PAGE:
Photo story: How to be a healthy garment worker in Cambodia

By: 
CARE
Maly at her sewing machine in the garment factory in Phnom Penh, Cambodia

CARE’s campaign to end harassment and abuse in the workplace is not all we are doing to support women workers across the world. Our Healthy Women, Healthy Workplace project, supported by GSK as part of the Frontline Health Worker Programme, is working to bring better health services to garment factory workers in Cambodia.

Portrait of Maly in Cambodia

Maly (above) lives with her husband, her brother in law and his wife in a room near the garment factory in Phnom Penh, Cambodia, where she works.

Two women garment factory workers in Cambodia

Maly works as a line leader at the factory. Her work days tend to be long: she usually spends 8 to 11 hours at the factory. As she is expecting her second child, she needs to take good care of herself.

Garment factory in Cambodia

There are around 700,000 garment factory workers in Cambodia, of whom approximately 85% are women. Many of these workers are female migrants in the 18-30 age group with low levels of education, making them particularly vulnerable to exploitation, harassment, and abuse. 

CARE’s research has shown that almost half of female garment factory workers report being sexually active, but lack information about and access to modern contraception, and reproductive and maternal health services.

Women at training session in Cambodia

CARE’s Healthy Women, Healthy Workplace project was set up to help garment factory workers like Maly. The project runs information sessions on contraception (above) and reproductive health, to enable women to make informed health decisions.

Maly speaking at a training session

“Before I joined CARE’s training, I didn’t know anything about contraceptive methods, that’s why I got pregnant twice!” says Maly. “But now, after I have my second baby, I will start protecting myself.”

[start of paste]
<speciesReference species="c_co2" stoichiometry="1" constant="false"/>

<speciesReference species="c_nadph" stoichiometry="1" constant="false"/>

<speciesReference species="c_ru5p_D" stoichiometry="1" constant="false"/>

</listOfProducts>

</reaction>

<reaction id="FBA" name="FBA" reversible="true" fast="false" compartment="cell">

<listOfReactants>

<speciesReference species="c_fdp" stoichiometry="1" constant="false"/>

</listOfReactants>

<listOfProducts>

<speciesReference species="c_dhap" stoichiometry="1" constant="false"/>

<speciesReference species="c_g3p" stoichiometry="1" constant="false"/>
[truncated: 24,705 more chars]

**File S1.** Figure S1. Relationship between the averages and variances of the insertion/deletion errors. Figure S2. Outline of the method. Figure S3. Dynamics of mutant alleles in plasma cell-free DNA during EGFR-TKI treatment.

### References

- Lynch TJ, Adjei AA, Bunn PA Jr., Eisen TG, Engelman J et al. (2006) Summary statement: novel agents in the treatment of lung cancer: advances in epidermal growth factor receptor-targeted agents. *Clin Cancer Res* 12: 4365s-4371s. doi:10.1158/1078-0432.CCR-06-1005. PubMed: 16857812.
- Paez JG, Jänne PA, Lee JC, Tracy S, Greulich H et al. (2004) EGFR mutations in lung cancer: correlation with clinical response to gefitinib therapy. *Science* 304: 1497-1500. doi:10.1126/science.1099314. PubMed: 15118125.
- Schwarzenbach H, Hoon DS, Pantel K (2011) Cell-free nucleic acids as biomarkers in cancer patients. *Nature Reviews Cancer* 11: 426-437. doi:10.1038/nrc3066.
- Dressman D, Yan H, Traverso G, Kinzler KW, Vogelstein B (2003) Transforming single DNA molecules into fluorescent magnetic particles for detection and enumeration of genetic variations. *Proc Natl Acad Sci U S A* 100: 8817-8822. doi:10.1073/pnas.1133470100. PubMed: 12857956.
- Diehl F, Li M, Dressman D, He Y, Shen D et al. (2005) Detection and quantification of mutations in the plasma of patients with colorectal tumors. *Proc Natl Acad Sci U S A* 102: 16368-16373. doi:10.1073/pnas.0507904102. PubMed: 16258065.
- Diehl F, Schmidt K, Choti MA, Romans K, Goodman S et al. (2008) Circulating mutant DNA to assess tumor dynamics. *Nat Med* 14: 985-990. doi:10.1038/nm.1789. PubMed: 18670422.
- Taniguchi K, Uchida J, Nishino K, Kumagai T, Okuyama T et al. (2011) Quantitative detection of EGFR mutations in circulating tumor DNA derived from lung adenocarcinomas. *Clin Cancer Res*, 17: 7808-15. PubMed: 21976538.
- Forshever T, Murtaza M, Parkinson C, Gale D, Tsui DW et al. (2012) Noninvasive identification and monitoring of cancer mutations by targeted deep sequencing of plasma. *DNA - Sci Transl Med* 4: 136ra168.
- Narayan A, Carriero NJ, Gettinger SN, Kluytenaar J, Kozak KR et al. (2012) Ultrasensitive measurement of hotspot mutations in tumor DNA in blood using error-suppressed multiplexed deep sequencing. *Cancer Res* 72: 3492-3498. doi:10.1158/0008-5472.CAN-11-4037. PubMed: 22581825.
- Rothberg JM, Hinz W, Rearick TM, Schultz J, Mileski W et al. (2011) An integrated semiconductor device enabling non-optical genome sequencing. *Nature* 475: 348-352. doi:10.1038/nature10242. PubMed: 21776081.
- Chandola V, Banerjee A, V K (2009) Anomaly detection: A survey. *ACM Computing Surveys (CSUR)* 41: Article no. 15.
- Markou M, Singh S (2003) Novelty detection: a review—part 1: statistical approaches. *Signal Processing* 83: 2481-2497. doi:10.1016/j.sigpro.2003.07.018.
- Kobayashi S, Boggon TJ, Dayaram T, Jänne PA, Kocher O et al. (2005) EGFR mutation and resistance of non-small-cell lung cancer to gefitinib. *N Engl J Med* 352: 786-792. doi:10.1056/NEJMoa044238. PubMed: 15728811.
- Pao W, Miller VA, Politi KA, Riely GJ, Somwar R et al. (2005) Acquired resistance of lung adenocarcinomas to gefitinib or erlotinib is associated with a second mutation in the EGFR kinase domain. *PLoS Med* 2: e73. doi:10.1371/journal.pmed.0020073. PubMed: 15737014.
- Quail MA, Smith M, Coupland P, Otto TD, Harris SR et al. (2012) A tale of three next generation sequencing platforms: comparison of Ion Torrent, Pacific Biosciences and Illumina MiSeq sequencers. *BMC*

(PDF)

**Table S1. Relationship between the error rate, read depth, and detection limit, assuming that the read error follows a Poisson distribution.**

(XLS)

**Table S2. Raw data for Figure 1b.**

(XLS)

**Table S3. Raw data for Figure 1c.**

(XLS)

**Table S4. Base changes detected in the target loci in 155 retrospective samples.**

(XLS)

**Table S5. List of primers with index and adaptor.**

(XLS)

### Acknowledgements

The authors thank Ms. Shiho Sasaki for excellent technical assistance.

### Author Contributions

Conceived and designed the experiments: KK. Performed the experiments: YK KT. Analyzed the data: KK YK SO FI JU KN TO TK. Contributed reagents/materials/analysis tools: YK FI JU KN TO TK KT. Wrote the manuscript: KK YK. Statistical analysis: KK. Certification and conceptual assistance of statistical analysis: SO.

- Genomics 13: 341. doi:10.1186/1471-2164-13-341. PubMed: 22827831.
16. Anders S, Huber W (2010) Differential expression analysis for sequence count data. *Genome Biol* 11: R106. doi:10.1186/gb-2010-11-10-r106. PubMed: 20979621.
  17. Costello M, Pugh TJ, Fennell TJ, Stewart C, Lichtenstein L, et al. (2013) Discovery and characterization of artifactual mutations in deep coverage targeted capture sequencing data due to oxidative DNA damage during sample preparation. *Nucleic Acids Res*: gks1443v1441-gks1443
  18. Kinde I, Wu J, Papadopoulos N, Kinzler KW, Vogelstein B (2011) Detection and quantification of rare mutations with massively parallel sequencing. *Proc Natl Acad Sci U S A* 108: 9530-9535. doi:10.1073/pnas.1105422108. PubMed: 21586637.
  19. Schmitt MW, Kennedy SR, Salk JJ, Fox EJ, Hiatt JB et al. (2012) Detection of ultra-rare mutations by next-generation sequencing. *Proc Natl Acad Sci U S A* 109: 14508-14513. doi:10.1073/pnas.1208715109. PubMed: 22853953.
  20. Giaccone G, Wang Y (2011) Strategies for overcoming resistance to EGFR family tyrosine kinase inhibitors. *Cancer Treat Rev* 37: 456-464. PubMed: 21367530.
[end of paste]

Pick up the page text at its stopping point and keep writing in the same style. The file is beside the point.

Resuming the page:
Maly outside factory health centre

Maly’s work days can get long and her workplace often gets very hot during the dry season in Cambodia. The factory provides a health centre for workers, which she can visit if she feels unwell. “Sometimes I feel very heavy and exhausted”, she says. “The nurse advices me to eat better, take calcium and get regular check-ups at the health centre.”

Maly and nurse Chanthy in factory health centre

Chanthy Deep (above right) has been a nurse at a garment factory for over eight years. She says that the training from CARE has helped her give better advice to workers on topics such as nutrition and healthy behaviour during pregnancy.

“They are all like my own children!” says Chanthy. “I like to advise them properly, tell them how to eat better and how to look after themselves; what to do if they miss their period; and all those things that you do as a mother.”

Maly with colleagues at her workstation

Having better health support at the factory has helped Maly a lot. “It’s great to have a nurse at the factory I can talk to,” she says. “I can ask for her advice. Like, I asked her if it was true that if you drank wine during pregnancy, the baby would have beautiful skin. She told me it was a lie and that I should never do it!”

Maly and Chanthy looking at a health poster

“The nurse is so much better now thanks to the training with CARE”, she says. “She also have posters and other materials that she uses to teach me about nutrition and other things, and I can even take those home!”

Maly being served at a food stall

Eating well is very important for Maly (above right) and her baby. Lack of nutrition is often cited as a key contributing factor to the “fainting spells” common in Cambodian factories – and nutritional deficiencies (both quality and quantity) are all the more dangerous for pregnant women. CARE’s project is addressing this through its Food Vendor Programme which is helping provide healthier food options for women like Maly outside their workplace.

Veasna and Sydney at their food stall

This food stall is run by Veasna (above left) and Sydney (above right), and Veasna’s two brothers. Through the CARE programme, they are learning how to improve the quality of their food through better hygiene practices and more nutritious ingredients. They say that thanks to the programme, their food is healthier, their stall is more competitive, and it shows in their sales. They say: “Now that we have joined CARE’s training, the factory workers know our food is safer, and of good quality.”

Portrait of Sydney, pregnant woman in Cambodia

Sydney also works at a garment factory – and is also pregnant and expecting her second child. So she really appreciates the comprehensive approach taken by the programme. “I know that now I’m pregnant, I have to look after myself better,” she says.

The Healthy Women, Healthy Workplace project is funded by GlaxoSmithKline as part of the GSK-CARE Frontline Health Worker Programme

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